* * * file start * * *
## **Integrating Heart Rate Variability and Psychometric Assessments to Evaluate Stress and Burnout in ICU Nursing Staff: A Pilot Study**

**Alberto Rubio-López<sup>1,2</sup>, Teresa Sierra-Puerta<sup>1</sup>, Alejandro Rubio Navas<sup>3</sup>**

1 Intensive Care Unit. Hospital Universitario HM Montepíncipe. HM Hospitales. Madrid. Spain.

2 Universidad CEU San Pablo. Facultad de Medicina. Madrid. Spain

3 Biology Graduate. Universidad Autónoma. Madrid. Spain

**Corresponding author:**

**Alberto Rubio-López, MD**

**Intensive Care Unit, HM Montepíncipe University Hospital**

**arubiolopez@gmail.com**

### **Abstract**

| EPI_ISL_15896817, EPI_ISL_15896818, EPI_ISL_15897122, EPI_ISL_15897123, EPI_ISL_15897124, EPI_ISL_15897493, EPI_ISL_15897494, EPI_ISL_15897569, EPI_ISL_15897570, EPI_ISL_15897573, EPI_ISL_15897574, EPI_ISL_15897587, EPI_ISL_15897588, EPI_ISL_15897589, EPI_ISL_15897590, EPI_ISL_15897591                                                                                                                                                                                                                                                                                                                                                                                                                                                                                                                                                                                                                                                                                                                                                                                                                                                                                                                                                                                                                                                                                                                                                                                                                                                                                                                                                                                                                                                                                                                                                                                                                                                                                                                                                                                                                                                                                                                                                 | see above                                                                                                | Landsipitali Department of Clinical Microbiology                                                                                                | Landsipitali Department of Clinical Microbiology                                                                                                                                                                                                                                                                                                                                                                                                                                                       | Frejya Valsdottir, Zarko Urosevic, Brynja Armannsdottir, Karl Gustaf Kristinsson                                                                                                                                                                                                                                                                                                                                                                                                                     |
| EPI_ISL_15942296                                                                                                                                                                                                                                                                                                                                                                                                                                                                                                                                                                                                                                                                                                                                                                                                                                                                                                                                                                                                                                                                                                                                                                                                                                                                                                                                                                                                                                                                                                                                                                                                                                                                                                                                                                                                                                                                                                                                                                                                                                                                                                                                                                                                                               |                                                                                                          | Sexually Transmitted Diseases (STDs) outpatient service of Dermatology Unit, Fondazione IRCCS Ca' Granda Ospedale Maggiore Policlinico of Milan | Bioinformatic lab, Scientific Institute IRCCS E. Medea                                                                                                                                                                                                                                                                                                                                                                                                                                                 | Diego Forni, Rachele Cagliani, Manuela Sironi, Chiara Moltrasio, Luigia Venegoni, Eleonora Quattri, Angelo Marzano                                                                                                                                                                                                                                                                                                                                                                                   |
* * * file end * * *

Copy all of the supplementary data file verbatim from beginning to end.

## **Integrating Heart Rate Variability and Psychometric Assessments to Evaluate Stress and Burnout in ICU Nursing Staff: A Pilot Study**

**Alberto Rubio-López<sup>1,2</sup>, Teresa Sierra-Puerta<sup>1</sup>, Alejandro Rubio Navas<sup>3</sup>**

1 Intensive Care Unit. Hospital Universitario HM Montepíncipe. HM Hospitales. Madrid. Spain.

2 Universidad CEU San Pablo. Facultad de Medicina. Madrid. Spain

3 Biology Graduate. Universidad Autónoma. Madrid. Spain

**Corresponding author:**

**Alberto Rubio-López, MD**

**Intensive Care Unit, HM Montepíncipe University Hospital**

**arubiolopez@gmail.com**

### **Abstract**

| EPI_ISL_15896817, EPI_ISL_15896818, EPI_ISL_15897122, EPI_ISL_15897123, EPI_ISL_15897124, EPI_ISL_15897493, EPI_ISL_15897494, EPI_ISL_15897569, EPI_ISL_15897570, EPI_ISL_15897573, EPI_ISL_15897574, EPI_ISL_15897587, EPI_ISL_15897588, EPI_ISL_15897589, EPI_ISL_15897590, EPI_ISL_15897591                                                                                                                                                                                                                                                                                                                                                                                                                                                                                                                                                                                                                                                                                                                                                                                                                                                                                                                                                                                                                                                                                                                                                                                                                                                                                                                                                                                                                                                                                                                                                                                                                                                                                                                                                                                                                                                                                                                                                 | see above                                                                                                | Landsipitali Department of Clinical Microbiology                                                                                                | Landsipitali Department of Clinical Microbiology                                                                                                                                                                                                                                                                                                                                                                                                                                                       | Frejya Valsdottir, Zarko Urosevic, Brynja Armannsdottir, Karl Gustaf Kristinsson                                                                                                                                                                                                                                                                                                                                                                                                                     |
| EPI_ISL_15942296                                                                                                                                                                                                                                                                                                                                                                                                                                                                                                                                                                                                                                                                                                                                                                                                                                                                                                                                                                                                                                                                                                                                                                                                                                                                                                                                                                                                                                                                                                                                                                                                                                                                                                                                                                                                                                                                                                                                                                                                                                                                                                                                                                                                                               |                                                                                                          | Sexually Transmitted Diseases (STDs) outpatient service of Dermatology Unit, Fondazione IRCCS Ca' Granda Ospedale Maggiore Policlinico of Milan | Bioinformatic lab, Scientific Institute IRCCS E. Medea                                                                                                                                                                                                                                                                                                                                                                                                                                                 | Diego Forni, Rachele Cagliani, Manuela Sironi, Chiara Moltrasio, Luigia Venegoni, Eleonora Quattri, Angelo Marzano                                                                                                                                                                                                                                                                                                                                                                                   |